Museum of Lost and Found Potential


Picture showing one the installations produced for The Museum of Lost and Found Potential


Featured in:
The Guardian, U.K. 2019
It’s Nice That, U.K. 2019
Time Out, U.K. 2019
     
Production year: 2019

The Museum of Lost and Found Potential is a major travelling exhibition about mental health, first opened to the public in London, 2019.

The exhibition shares 16 interactive portraits of people from across the world. These poignant, personal stories demanded that more be done to support mental health across all aspects of our lives.

Through video, sound, and real and imagined artefacts, visitors were transported to lost and found episodes in the lives of the people whose stories were told in the museum. These ranged from a survivor of multiple suicide attempts now writing books and making films to support others, to a Ghanaian women who lost her job due to bipolar and psychosis, now receiving treatment and back working. The many everyday artefacts featured in the museum vary from the riding boot of an Australian teenager who died by suicide, to an installation depicting the story of a then 9-year-old Nepalese woman, just returned from human trafficking, finding stability through cooking.

This project is part of the Speak your Mind campaign, comissioned by United for Global Mental Health, curated by Andy Franzkowiak and Nestor Pestana as Lead Artist.



Picture showing some of the real and imagined artefacts in The Museum of Lost and Found Potential



General pictures of the Museum and an Interview with the curator





A Pedicure for Cecilia



Short film produced for the installation A Pedicure for Cecilia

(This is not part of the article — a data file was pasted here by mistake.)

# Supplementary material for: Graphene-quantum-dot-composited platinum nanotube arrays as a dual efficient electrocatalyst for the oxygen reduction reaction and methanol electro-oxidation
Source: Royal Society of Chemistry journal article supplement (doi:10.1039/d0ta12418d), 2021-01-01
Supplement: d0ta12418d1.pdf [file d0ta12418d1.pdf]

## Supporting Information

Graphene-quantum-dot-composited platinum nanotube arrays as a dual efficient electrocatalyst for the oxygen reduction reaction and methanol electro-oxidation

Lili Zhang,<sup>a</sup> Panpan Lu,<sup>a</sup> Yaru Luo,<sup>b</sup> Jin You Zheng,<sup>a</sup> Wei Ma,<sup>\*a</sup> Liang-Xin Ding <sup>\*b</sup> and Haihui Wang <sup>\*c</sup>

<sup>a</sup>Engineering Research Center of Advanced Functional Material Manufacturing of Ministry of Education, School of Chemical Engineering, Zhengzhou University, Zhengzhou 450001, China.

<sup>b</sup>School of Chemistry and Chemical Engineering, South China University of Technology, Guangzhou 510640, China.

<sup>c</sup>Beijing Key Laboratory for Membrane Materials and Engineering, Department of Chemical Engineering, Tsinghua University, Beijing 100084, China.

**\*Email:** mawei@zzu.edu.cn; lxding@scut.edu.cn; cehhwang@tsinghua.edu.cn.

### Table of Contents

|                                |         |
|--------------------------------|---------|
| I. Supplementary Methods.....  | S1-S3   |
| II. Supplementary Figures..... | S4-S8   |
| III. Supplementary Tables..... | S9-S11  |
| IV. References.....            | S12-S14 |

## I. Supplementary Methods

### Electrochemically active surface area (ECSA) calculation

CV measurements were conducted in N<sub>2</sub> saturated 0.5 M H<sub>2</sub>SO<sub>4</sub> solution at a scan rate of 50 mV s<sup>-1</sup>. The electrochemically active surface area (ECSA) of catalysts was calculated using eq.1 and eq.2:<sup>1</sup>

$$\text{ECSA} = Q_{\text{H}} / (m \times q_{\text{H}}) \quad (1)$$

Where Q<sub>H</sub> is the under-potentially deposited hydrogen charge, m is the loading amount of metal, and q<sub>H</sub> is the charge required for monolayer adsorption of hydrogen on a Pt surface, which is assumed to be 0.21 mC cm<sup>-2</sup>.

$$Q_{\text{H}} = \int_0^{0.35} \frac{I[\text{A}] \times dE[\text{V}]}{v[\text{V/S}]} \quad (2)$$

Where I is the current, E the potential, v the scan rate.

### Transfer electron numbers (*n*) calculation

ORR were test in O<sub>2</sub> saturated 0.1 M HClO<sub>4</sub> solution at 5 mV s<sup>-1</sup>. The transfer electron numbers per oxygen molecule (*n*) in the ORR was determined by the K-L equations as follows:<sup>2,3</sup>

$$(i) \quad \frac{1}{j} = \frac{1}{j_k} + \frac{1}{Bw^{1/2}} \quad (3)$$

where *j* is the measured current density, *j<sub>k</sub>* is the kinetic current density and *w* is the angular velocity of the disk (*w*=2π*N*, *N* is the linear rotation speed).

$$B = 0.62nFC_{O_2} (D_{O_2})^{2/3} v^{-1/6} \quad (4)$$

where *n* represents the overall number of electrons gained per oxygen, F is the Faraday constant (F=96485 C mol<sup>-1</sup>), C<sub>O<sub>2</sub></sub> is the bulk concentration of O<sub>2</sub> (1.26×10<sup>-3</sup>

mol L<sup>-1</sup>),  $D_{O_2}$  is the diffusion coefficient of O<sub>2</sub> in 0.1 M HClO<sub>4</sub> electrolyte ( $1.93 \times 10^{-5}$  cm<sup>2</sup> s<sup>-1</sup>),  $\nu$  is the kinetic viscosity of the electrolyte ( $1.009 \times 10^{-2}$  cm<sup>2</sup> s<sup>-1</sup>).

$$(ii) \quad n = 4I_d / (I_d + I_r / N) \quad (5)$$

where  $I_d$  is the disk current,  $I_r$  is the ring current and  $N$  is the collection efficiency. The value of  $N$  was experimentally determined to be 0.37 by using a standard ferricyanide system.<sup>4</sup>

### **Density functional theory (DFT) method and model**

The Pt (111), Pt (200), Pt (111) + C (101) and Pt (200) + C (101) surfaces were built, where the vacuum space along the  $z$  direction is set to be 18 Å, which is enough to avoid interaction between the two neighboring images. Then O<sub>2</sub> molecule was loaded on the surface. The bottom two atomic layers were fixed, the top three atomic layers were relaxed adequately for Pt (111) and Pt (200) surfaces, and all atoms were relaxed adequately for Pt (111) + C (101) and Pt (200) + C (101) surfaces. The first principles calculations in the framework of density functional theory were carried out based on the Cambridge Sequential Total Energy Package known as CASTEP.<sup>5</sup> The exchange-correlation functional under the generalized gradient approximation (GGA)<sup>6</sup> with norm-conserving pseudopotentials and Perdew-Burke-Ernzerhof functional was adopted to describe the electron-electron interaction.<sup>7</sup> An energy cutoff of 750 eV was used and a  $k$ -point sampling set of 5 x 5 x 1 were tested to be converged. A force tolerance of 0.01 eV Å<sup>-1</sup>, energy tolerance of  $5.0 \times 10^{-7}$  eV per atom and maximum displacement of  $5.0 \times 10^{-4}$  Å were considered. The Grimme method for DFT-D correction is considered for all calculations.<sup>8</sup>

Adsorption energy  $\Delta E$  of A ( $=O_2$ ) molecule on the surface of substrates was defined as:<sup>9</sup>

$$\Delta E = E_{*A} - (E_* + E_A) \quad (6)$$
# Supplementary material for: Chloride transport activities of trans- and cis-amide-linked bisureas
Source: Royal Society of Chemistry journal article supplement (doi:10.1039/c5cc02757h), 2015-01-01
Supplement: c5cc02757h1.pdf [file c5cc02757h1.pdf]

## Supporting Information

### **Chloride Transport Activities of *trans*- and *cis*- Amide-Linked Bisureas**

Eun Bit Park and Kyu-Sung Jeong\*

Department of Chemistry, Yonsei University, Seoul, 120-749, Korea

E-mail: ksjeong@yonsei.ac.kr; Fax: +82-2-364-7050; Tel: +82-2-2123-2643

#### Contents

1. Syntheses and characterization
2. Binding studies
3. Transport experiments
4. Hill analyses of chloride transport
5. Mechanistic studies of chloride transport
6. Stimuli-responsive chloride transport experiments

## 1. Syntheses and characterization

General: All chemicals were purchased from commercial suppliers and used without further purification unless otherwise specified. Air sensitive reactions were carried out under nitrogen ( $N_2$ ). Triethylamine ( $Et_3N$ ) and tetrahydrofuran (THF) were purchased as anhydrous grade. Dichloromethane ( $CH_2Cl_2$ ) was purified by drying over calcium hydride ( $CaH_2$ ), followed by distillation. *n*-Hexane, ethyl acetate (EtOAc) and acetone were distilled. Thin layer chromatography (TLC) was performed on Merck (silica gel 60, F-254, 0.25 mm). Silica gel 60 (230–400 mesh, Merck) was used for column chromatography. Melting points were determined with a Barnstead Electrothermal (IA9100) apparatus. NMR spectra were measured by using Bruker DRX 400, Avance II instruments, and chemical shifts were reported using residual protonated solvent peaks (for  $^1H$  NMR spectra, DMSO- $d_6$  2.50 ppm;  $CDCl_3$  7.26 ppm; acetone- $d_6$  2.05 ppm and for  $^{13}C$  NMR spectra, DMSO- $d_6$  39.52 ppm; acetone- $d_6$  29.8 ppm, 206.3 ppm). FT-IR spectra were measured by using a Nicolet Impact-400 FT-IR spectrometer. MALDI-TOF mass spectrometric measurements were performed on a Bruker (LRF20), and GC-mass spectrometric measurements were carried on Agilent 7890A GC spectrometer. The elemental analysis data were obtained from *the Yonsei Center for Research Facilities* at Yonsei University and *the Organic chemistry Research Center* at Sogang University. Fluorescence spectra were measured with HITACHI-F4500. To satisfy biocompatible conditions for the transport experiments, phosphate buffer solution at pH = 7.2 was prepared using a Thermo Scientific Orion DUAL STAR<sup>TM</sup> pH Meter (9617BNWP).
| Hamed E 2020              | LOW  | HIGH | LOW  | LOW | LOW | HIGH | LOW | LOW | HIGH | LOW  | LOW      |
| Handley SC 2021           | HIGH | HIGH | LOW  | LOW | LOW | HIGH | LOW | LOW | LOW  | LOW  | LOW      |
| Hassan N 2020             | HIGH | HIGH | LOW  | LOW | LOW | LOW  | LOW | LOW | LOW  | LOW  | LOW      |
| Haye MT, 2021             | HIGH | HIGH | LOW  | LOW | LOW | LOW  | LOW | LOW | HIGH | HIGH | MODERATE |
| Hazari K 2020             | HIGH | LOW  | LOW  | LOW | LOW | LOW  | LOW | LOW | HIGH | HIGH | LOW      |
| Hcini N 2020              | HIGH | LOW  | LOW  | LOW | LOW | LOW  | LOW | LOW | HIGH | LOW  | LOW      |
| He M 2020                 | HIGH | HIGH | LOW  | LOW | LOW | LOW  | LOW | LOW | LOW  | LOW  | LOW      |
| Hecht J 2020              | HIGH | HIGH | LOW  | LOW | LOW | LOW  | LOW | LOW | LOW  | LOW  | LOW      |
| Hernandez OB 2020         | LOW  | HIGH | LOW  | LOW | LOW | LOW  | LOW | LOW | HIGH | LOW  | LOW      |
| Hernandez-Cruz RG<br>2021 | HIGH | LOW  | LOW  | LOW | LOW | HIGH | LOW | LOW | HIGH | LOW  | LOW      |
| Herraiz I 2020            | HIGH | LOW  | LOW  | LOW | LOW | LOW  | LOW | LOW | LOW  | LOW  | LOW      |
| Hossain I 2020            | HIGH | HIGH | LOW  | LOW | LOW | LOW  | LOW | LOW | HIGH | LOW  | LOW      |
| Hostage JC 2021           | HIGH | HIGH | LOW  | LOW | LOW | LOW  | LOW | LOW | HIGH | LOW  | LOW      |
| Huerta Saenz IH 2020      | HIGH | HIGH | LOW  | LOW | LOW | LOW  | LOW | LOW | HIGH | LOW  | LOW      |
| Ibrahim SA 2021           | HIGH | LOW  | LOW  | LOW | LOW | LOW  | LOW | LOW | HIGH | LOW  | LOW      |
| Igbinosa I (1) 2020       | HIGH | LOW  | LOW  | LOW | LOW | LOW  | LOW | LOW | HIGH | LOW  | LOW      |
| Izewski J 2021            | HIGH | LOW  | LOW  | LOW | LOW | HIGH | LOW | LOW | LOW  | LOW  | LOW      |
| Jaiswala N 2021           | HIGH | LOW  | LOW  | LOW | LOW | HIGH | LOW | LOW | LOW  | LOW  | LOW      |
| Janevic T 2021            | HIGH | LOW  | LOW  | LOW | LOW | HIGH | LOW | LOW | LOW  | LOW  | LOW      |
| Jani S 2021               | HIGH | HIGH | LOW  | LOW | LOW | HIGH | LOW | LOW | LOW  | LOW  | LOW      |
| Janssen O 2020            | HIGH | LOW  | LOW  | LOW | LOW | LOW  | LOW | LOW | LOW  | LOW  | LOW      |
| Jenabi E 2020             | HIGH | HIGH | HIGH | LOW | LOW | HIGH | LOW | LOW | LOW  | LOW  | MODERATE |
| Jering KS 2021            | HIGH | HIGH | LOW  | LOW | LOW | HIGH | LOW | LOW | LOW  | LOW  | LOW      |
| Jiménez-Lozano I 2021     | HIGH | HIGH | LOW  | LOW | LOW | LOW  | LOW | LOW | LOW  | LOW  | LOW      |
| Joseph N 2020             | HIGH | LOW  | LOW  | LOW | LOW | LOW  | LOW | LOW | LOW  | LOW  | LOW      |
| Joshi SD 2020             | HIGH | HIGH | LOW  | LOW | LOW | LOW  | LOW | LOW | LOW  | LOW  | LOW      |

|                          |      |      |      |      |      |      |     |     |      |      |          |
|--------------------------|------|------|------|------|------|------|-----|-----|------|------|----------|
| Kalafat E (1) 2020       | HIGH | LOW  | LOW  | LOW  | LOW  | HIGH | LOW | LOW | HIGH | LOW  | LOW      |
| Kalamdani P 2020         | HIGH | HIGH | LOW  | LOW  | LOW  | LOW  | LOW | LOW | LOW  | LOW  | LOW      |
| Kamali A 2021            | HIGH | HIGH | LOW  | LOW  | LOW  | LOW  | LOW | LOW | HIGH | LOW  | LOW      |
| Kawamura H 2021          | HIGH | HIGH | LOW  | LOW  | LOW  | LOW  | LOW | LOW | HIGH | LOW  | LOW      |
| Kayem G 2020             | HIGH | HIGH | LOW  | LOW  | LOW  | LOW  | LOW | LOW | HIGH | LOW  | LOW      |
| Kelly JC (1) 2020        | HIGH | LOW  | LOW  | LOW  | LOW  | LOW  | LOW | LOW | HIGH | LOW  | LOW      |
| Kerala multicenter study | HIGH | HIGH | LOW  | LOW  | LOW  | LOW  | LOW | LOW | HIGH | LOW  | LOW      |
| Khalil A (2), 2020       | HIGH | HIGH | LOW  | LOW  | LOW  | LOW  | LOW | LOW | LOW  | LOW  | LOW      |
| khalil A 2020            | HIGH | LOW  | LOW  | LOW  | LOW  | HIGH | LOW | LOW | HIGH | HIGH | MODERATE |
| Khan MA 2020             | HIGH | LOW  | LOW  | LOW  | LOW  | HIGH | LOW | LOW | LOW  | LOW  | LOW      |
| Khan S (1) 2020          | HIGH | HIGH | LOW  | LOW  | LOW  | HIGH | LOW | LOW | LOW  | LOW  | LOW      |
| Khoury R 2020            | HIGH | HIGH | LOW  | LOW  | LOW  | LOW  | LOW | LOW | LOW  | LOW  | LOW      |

Installation produced for The Museum of Lost and Found Potential
     
Production year: 2019
Film running time: 00:04:10:00
     
Mediums: short film produced using a combination of CGI and real footage • pedicure armchair with built-in speakers • footstool with TV • acrylic shelves with nailpolish glass bottles (water based ink) • 2 Carpets • 4 artefacts made of various materials, such as metal, plastic and wood.

During her pregnancy Cecilia decided to not take her medication for her bipolar disorder, because she was afraid it would affect her pregnancy and baby. As a result, she suffered several breakdowns in which she would go out of her home in Ghana and wander for very long distances, looking for her mother that passed away, hoping she would cease her pain. During this time, Cecilia lost friends through the stigma attached to her mental health.

Had she received the support she needed from the governament and friends she would have taken care of herself, visiting the local parlour for a pedicure, and more importantly being part of the local community, rather than finding herself on the outside.

This instalation invites the audience to experience Cecilia’s story through her imagined pedicure.



Pictures of the installation in London, 2019.




Artefacts exhibited alongside the installation.




Interview about the making of the installation A Pedicure for Cecilia.






Curator: Andy Franzkowiak
Lead artist: Nestor Pestana
     
Artists: Unit Lab and Rūta Irbīte
Sound design: Christian Duka
     
Creative concept: Havas and Speak Your Mind campaigners around the world
     
Production: Nissen Richards Studio










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